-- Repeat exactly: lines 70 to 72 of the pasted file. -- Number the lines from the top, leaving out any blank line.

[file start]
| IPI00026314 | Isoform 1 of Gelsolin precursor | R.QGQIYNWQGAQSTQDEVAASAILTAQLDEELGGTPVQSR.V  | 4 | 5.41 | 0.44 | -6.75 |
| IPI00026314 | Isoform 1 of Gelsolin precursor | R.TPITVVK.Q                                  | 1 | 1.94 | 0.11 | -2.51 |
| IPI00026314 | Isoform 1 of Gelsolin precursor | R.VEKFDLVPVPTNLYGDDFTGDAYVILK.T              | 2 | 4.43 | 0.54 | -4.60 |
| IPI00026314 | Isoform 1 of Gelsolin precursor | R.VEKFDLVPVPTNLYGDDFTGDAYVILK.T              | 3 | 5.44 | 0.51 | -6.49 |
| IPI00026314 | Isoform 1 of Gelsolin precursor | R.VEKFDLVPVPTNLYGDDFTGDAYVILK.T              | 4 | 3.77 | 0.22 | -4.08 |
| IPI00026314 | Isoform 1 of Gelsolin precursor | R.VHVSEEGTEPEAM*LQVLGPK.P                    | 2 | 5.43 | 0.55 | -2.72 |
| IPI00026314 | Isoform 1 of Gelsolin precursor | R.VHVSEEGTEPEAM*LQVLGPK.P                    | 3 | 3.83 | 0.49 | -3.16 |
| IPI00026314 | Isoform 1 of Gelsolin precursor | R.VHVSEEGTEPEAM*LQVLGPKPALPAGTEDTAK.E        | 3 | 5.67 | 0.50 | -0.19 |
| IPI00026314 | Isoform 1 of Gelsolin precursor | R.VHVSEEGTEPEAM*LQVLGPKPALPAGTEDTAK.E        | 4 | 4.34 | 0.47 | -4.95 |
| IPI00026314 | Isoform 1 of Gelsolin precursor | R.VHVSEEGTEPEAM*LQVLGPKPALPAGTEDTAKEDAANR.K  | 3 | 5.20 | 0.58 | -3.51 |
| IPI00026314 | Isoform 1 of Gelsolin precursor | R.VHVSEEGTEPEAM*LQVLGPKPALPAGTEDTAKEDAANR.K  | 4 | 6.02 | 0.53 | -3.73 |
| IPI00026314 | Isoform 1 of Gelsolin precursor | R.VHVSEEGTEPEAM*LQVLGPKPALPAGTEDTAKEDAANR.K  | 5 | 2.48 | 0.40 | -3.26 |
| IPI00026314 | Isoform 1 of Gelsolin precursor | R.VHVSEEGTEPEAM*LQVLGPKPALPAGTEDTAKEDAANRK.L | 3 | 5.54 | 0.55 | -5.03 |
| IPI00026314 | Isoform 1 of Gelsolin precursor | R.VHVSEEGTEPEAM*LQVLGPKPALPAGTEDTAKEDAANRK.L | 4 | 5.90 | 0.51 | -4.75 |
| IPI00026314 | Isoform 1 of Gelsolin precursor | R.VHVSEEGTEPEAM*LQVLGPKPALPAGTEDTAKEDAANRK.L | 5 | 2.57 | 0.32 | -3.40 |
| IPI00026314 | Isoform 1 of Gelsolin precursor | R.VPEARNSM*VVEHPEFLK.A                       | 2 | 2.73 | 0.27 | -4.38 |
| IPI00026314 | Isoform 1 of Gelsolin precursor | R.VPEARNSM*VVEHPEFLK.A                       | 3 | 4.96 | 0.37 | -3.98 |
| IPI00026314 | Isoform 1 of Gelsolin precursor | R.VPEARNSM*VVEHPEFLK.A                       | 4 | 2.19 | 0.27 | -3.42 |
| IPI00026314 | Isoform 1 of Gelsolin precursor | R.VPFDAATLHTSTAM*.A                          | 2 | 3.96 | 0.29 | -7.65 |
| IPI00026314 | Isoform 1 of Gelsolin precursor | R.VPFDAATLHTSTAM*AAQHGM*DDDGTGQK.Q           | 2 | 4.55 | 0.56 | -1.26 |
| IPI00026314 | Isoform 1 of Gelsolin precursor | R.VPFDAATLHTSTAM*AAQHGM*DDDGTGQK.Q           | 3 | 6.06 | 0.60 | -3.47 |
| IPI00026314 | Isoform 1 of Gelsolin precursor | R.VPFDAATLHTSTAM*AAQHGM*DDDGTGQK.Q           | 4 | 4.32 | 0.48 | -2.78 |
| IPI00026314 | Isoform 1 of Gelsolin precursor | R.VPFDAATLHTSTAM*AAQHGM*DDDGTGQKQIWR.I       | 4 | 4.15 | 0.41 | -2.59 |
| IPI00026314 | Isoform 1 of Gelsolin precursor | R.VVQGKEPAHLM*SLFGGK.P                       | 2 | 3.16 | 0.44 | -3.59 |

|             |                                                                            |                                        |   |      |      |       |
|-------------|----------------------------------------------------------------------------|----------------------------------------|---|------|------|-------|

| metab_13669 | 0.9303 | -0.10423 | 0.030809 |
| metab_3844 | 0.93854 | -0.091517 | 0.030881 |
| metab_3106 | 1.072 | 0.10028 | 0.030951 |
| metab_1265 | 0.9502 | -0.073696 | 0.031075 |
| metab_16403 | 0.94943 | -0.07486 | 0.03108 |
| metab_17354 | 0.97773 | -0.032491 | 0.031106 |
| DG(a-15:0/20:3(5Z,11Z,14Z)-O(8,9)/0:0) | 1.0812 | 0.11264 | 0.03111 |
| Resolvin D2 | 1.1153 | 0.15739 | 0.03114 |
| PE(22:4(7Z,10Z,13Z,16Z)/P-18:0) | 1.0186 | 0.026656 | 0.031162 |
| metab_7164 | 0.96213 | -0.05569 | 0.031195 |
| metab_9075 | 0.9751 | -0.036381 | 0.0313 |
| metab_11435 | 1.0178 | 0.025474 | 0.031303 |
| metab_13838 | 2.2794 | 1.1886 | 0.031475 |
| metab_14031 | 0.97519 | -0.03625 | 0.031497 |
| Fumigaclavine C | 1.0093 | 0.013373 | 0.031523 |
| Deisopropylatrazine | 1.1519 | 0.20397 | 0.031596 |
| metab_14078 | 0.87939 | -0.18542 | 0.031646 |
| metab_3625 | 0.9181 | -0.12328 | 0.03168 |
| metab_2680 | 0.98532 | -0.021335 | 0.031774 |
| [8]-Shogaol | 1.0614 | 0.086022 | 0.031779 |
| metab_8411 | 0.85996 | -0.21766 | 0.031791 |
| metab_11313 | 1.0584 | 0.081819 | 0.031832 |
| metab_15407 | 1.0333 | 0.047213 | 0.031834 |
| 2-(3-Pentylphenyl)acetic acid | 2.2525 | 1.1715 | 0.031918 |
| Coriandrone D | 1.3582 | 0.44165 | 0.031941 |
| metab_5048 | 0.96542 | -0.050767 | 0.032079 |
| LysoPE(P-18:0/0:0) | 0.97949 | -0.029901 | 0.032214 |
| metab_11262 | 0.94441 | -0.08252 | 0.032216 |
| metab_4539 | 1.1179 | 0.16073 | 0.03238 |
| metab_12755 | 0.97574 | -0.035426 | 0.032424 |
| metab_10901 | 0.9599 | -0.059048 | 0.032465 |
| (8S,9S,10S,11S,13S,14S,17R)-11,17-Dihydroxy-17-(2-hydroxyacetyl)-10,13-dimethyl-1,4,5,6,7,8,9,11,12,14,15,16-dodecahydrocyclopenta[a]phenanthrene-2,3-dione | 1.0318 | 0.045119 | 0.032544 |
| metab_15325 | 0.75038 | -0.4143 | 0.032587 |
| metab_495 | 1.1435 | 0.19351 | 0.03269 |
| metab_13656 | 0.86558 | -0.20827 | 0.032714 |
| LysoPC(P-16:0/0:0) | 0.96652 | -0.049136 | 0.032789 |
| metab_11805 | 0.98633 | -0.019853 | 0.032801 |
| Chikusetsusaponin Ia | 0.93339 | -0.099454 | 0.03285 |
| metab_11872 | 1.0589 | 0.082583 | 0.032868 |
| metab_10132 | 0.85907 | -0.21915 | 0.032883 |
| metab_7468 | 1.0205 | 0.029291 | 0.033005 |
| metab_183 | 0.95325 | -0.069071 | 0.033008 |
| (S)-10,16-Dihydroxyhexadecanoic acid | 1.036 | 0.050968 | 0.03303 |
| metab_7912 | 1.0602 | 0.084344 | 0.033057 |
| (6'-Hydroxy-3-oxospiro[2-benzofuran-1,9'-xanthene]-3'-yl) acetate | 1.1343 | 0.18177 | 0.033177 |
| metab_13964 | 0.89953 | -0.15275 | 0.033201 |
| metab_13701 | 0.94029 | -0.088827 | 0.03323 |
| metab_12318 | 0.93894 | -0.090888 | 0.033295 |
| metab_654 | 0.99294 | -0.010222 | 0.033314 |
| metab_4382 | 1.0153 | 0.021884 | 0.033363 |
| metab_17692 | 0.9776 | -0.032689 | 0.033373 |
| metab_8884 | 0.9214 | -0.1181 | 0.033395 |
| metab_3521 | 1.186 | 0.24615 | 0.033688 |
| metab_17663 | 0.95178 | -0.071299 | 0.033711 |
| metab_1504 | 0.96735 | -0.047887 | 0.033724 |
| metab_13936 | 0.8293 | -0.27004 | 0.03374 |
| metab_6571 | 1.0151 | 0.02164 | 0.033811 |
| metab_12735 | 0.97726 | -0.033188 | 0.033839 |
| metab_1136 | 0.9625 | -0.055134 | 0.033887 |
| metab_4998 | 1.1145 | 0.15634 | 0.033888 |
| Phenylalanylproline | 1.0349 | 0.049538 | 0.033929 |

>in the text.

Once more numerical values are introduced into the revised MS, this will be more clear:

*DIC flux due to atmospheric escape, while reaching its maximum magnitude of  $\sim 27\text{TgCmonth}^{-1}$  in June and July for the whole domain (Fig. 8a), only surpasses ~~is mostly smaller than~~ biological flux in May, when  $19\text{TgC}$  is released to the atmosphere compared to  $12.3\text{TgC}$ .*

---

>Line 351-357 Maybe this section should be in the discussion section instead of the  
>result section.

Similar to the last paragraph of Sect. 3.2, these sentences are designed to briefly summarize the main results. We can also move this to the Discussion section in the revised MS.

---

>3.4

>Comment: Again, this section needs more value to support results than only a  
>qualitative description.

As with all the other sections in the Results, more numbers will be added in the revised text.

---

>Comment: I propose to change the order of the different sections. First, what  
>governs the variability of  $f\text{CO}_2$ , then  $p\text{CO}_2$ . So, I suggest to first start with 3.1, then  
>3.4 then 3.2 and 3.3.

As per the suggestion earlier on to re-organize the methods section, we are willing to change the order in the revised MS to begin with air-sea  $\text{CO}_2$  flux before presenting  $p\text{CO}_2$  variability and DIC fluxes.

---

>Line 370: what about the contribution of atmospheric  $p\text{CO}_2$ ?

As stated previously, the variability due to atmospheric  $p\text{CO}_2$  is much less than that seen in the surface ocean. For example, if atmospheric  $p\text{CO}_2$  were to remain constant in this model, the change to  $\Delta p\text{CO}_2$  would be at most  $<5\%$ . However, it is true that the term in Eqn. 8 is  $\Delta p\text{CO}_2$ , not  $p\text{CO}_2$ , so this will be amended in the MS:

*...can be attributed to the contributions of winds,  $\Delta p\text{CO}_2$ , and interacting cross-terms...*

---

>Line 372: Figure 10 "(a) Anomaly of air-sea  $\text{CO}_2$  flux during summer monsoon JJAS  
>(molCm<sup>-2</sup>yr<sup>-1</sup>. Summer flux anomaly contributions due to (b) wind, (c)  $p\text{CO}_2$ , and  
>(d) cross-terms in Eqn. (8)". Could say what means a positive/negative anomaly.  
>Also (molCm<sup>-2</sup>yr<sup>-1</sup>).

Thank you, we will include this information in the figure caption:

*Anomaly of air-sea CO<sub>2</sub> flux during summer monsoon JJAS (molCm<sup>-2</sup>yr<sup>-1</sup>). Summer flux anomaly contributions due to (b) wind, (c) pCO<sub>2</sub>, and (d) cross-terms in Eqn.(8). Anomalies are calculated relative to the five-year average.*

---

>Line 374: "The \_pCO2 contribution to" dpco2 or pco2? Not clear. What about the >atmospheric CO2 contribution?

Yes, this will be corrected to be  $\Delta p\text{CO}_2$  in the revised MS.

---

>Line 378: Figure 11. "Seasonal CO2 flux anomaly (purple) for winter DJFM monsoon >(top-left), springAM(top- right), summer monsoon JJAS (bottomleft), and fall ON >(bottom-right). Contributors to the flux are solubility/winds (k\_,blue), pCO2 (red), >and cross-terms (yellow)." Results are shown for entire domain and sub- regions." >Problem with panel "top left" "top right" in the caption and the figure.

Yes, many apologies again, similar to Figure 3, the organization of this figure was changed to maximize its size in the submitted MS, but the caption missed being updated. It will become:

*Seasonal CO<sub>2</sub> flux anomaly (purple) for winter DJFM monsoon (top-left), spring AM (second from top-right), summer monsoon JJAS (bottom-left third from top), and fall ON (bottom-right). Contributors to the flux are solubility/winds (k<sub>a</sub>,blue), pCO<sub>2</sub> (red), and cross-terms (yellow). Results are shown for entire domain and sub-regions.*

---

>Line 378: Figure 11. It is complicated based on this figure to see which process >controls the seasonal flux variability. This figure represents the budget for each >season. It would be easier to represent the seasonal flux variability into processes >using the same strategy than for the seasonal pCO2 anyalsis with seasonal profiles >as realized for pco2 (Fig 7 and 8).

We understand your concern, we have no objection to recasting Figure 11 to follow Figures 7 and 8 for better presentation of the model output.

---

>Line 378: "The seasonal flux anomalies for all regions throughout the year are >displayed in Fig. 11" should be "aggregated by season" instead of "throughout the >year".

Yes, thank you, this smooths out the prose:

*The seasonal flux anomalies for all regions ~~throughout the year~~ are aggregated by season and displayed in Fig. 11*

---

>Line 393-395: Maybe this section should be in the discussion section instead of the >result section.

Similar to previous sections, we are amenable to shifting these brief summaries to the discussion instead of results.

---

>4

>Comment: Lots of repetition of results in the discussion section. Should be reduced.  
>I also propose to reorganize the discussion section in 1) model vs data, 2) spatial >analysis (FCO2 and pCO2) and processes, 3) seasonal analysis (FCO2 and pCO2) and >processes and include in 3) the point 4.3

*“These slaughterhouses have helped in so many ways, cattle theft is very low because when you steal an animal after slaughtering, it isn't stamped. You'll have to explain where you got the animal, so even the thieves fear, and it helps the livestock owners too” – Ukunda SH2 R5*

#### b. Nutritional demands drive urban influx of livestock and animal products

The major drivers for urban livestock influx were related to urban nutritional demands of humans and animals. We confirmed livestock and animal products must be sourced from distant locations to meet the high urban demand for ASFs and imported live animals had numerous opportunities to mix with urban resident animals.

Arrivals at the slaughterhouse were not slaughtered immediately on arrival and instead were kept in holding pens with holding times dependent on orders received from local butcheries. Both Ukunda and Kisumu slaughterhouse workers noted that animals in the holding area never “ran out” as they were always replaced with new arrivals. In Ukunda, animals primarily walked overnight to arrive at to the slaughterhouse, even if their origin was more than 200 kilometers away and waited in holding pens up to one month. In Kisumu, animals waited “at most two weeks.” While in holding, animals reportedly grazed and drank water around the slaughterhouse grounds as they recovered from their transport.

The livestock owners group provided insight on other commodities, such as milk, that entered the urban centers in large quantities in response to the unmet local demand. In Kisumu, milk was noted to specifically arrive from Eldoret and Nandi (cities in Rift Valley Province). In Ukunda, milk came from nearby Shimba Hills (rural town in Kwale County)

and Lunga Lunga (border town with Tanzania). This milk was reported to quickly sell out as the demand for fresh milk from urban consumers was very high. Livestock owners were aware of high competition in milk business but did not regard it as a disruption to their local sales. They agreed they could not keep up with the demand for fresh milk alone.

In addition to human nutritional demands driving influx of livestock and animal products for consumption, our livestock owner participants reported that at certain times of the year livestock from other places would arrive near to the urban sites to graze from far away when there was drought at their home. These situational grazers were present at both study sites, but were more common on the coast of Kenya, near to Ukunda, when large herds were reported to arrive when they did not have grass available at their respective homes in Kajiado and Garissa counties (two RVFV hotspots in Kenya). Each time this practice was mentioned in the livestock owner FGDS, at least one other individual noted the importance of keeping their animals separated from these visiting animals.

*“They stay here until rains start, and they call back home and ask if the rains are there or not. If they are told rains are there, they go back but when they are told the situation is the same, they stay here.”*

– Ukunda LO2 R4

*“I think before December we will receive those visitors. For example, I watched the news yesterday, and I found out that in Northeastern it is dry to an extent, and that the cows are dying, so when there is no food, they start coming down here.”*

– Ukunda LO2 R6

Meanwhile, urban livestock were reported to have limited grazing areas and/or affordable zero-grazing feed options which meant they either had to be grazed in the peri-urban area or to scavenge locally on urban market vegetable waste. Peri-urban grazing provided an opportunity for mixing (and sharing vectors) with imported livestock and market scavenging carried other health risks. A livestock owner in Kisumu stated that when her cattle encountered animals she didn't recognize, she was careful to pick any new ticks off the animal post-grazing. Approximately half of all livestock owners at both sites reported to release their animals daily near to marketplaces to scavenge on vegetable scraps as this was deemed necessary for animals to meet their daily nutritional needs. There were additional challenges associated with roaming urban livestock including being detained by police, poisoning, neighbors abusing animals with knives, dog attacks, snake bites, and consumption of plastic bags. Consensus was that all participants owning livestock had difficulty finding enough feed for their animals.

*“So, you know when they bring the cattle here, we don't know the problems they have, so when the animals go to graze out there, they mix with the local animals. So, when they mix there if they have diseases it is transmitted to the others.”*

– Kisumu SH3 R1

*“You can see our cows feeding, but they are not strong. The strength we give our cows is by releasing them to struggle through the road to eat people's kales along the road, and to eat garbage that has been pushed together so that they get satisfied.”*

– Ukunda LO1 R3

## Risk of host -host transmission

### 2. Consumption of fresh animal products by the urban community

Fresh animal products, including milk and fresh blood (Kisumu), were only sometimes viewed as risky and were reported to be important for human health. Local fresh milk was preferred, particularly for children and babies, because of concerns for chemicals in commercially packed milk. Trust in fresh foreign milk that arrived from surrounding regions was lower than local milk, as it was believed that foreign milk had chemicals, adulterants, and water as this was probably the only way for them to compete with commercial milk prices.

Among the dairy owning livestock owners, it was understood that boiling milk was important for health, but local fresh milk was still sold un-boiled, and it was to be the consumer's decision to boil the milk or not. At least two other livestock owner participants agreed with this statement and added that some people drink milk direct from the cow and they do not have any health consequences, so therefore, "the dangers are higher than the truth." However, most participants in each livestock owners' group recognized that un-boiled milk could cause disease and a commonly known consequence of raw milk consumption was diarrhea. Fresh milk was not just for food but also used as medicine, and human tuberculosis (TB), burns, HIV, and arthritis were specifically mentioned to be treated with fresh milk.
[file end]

| metab_7912 | 1.0602 | 0.084344 | 0.033057 |
| (6'-Hydroxy-3-oxospiro[2-benzofuran-1,9'-xanthene]-3'-yl) acetate | 1.1343 | 0.18177 | 0.033177 |
| metab_13964 | 0.89953 | -0.15275 | 0.033201 |